Democrats advised CNN on interview questions for Donald Trump, according to new WikiLeaks release

Netwrok insists it had similar contacts with Republicans 

Monday 07 November 2016 17:27 GMT
Republican presidential candidate Donald Trump speaks at a rally, in Las Vegas in a Sunday, 30 October, 2016, file photo
Republican presidential candidate Donald Trump speaks at a rally, in Las Vegas in a Sunday, 30 October, 2016, file photo (AP)

The Democratic National Committee (DNC) apparently helped CNN anchors prepare for interviews with Donald Trump, according to the latest WikiLeaks email dump.

Included in some 8,263 emails released by WikiLeaks is an exchange that shows DNC staff discussing how to advise CNN on what questions to ask Mr Trump in a scheduled interview ahead of his foreign policy address.

However CNN defended the practice, saying it had sought the Republicans' opinions about questions to ask Hillary Clinton in order to "ensure a tough and fair interview".

Although the interview with Mr Trump was ultimately cancelled, the emails showed numerous questions were submitted by the DNC.

One email, sent from the DNC's research director Lauren Dillon to her colleagues, said: "[CNN journalist] Wolf Blitzer is interviewing Trump on Tues ahead of his foreign policy address on Wed. Please send me thoughts by 10:30 AM tomorrow."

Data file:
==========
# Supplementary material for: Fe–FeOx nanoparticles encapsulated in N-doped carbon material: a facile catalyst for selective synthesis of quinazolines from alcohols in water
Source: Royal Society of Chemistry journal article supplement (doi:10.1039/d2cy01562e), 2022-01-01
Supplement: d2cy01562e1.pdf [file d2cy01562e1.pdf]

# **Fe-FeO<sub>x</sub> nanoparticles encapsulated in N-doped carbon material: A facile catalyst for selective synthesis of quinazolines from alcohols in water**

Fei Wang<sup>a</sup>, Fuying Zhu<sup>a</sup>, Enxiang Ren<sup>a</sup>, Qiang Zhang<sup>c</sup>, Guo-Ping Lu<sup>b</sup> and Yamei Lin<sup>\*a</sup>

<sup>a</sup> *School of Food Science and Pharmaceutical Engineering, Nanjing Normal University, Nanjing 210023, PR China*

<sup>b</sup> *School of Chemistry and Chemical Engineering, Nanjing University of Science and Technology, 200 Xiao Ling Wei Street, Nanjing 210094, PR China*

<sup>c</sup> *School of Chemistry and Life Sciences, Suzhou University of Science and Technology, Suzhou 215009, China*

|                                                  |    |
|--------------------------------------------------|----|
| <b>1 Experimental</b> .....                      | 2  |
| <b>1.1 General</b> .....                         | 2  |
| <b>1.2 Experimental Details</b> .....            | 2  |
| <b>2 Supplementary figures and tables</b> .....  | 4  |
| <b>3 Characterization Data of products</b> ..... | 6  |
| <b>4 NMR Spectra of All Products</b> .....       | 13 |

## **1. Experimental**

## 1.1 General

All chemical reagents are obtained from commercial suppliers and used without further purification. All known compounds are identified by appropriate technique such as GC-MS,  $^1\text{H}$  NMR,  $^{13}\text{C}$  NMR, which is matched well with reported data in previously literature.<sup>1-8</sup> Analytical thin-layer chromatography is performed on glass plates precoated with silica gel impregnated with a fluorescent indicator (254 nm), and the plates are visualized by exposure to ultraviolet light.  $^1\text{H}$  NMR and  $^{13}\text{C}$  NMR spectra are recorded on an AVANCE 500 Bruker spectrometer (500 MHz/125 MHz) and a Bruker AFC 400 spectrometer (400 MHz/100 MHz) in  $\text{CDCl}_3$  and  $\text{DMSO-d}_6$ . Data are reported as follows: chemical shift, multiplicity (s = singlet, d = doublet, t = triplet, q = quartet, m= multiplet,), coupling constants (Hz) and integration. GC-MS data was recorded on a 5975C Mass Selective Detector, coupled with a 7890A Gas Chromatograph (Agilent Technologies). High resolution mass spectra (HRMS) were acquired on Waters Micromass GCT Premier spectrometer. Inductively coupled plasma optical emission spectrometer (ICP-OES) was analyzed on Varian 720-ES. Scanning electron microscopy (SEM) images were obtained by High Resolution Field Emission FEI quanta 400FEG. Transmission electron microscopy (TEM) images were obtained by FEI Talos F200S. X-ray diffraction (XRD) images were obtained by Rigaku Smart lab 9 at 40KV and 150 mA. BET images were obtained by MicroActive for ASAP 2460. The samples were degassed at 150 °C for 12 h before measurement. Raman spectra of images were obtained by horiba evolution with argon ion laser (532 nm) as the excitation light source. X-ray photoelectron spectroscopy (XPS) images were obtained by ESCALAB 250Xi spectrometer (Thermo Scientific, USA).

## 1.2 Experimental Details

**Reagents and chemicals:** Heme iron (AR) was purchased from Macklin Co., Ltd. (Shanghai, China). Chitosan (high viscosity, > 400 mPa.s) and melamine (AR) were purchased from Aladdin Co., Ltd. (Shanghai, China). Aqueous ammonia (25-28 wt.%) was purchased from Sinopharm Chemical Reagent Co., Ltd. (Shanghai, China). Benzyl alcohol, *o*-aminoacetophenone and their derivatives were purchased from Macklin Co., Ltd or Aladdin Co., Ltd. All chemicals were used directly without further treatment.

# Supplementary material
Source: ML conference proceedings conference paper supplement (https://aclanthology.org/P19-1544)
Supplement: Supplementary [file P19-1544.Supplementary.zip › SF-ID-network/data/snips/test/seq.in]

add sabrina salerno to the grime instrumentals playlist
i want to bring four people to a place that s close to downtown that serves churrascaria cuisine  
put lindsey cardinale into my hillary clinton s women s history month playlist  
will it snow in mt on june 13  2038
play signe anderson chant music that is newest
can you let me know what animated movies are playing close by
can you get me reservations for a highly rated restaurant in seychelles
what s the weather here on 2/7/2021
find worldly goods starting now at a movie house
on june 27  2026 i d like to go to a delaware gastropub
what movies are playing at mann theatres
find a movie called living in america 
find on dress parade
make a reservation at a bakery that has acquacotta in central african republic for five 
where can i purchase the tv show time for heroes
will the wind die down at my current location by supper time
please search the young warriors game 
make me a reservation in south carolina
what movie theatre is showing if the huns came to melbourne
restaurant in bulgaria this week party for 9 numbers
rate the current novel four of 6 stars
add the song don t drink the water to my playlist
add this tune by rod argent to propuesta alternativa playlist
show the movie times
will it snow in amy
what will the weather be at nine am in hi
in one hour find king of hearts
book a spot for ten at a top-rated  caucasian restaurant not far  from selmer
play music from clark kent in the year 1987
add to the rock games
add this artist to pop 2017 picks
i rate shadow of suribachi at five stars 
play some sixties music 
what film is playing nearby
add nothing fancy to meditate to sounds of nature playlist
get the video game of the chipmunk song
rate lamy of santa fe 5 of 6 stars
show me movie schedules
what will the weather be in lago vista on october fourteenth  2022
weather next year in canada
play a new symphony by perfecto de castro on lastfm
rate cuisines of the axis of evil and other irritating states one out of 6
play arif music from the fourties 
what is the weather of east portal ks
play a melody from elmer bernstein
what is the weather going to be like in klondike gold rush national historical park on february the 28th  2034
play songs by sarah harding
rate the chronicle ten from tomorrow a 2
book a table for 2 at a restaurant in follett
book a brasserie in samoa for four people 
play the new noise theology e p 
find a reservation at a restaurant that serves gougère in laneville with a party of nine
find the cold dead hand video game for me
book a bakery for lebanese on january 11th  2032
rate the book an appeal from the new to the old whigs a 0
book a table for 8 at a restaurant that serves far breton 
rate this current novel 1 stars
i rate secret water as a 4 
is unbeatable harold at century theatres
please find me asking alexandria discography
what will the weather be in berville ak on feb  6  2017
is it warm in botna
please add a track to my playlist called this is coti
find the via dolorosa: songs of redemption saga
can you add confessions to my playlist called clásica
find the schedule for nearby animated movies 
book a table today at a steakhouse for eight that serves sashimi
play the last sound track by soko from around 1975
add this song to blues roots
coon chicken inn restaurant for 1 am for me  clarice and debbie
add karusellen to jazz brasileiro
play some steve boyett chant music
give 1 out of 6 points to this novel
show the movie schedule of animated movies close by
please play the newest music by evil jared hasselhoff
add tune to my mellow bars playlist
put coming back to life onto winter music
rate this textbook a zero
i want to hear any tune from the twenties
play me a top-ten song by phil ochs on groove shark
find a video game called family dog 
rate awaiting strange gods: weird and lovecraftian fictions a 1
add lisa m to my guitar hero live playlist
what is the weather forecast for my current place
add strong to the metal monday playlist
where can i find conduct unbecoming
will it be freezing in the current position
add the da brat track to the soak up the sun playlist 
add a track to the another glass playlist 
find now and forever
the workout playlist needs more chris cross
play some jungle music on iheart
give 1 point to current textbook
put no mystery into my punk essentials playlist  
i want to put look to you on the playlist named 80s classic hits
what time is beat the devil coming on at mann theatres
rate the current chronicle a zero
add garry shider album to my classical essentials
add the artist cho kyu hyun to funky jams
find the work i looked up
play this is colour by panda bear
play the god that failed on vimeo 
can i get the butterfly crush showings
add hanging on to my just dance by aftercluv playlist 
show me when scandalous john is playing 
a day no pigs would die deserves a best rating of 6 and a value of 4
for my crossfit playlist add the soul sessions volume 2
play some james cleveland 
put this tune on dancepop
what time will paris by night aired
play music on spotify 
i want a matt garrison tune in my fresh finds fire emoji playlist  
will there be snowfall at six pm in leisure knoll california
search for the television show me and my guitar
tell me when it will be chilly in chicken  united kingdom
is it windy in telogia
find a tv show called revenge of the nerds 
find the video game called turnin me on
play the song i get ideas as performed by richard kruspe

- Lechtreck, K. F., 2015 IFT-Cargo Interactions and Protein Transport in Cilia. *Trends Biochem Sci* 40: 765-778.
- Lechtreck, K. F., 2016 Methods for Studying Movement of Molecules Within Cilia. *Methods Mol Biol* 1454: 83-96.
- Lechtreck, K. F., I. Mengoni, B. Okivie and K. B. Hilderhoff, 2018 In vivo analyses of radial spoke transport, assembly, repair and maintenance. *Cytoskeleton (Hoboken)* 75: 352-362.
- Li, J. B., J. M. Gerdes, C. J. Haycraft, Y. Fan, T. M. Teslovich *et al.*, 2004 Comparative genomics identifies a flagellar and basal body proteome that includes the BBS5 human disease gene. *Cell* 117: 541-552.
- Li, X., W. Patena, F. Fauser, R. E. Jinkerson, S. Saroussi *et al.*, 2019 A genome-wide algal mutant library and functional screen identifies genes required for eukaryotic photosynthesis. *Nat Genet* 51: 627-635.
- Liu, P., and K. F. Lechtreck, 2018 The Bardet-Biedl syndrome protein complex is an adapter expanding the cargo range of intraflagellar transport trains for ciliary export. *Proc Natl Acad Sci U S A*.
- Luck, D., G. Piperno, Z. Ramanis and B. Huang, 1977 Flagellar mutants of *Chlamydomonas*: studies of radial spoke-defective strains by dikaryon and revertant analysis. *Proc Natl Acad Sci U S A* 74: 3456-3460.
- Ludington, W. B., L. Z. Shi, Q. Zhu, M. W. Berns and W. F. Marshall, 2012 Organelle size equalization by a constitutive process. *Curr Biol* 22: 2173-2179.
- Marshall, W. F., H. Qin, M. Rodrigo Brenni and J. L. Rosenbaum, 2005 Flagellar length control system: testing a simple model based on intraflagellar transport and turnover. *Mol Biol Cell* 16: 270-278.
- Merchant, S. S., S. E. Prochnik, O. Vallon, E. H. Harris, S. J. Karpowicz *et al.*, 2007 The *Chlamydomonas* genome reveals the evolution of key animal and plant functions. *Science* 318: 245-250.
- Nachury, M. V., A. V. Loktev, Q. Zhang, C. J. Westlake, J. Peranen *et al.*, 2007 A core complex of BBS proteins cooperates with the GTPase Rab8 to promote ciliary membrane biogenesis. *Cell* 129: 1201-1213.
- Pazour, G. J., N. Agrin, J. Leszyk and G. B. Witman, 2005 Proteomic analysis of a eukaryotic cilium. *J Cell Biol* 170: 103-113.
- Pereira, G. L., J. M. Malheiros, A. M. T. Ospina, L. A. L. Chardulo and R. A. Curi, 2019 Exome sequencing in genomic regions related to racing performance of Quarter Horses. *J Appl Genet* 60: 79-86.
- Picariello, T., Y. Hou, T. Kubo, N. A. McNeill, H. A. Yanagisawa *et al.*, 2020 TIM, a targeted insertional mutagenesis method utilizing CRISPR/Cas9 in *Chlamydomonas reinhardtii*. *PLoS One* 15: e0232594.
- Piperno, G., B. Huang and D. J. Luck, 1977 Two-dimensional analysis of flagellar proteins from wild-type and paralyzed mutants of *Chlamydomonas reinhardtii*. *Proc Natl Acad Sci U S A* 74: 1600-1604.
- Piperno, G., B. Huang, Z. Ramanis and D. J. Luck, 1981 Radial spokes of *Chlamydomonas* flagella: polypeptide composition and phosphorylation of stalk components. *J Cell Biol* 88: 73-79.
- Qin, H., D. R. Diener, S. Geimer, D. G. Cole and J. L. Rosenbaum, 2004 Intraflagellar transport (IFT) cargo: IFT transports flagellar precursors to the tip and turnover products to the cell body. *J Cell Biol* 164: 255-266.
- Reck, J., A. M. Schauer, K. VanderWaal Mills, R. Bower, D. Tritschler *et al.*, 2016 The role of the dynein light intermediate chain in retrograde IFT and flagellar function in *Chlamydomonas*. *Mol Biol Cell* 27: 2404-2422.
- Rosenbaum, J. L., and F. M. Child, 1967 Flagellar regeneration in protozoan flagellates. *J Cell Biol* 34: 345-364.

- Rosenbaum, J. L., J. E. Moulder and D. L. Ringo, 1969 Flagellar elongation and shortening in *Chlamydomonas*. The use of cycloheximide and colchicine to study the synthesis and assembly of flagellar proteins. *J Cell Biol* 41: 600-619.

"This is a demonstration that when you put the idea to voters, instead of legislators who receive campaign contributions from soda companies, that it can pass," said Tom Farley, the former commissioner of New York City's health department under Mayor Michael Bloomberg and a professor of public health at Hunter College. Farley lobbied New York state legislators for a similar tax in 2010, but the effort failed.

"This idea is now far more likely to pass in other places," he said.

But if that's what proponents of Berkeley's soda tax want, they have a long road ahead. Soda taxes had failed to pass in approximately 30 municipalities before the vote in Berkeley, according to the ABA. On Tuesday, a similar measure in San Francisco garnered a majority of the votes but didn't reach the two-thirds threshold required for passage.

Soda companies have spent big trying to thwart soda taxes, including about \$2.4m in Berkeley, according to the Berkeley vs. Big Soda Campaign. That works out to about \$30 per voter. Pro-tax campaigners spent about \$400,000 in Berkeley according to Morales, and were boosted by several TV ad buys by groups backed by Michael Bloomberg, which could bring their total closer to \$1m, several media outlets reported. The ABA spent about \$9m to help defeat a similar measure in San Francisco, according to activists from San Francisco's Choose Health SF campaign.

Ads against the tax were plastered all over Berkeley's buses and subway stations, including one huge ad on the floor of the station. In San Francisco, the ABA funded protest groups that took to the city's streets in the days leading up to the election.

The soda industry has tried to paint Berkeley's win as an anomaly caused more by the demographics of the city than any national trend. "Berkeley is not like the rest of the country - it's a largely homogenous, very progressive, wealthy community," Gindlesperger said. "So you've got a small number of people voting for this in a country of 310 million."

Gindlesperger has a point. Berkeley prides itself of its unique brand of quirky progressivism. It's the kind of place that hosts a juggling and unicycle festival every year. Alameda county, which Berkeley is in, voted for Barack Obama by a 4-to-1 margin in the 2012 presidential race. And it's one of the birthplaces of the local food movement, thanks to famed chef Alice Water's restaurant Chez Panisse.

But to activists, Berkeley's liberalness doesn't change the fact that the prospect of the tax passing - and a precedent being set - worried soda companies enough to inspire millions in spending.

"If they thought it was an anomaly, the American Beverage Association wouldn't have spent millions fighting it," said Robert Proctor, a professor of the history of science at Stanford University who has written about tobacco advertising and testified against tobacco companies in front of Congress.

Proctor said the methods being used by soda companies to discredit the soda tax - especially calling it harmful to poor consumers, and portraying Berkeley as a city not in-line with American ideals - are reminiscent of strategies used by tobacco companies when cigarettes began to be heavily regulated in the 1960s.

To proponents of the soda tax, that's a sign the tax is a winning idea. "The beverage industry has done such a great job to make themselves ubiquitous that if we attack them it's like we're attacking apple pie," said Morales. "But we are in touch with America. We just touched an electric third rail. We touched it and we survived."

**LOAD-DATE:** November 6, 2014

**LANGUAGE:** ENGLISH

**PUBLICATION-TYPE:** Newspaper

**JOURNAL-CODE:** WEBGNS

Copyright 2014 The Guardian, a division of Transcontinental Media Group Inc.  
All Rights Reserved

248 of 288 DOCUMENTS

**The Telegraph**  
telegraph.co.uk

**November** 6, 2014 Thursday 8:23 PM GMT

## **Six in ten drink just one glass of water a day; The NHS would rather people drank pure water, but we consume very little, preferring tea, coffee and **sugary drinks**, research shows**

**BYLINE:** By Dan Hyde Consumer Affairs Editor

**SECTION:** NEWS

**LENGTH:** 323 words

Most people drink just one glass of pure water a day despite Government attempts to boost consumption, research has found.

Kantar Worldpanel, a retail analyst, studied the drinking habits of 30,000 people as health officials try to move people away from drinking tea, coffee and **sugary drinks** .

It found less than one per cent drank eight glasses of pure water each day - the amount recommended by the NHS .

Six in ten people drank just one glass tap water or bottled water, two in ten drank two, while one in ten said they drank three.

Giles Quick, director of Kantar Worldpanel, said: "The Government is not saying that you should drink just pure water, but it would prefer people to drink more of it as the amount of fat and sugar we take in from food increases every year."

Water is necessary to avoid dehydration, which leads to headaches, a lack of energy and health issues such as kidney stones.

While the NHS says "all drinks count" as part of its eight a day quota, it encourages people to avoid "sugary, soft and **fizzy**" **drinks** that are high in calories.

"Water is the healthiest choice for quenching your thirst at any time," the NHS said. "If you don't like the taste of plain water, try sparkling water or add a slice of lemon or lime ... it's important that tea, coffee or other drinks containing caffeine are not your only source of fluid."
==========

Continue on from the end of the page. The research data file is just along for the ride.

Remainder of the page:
An example of the questions that were sent to CNN included: “You've said we should have bombed the 'right people' after 9/11 and have suggested that the government has evidence Saudi Arabia was involved. Do you think we should have instead bombed Saudi Arabia?”

In a separate exchange, there were also internal DNC messages that indicate CNN asked for advice on what questions to put forward to former candidate Ted Cruz.

An email with the subject “Cruz on CNN”, sent in April of this year, said: “CNN is looking for questions.

“Please send some topical/interesting ones.”

A spokeswoman from CNN told The Independent: "This is completely unremarkable. We have similar communications with Republicans.

"When preparing for interviews, we are regularly sent suggestions from rival campaigns and political parties, both solicited and unsolicited. Casting a wide net to ensure a tough and fair interview isn't just common media practice, it's smart."

The latest release from WikiLeaks came only two days before the presidential election.

Based on recent polling, Ms Clinton appears the most likely to win.

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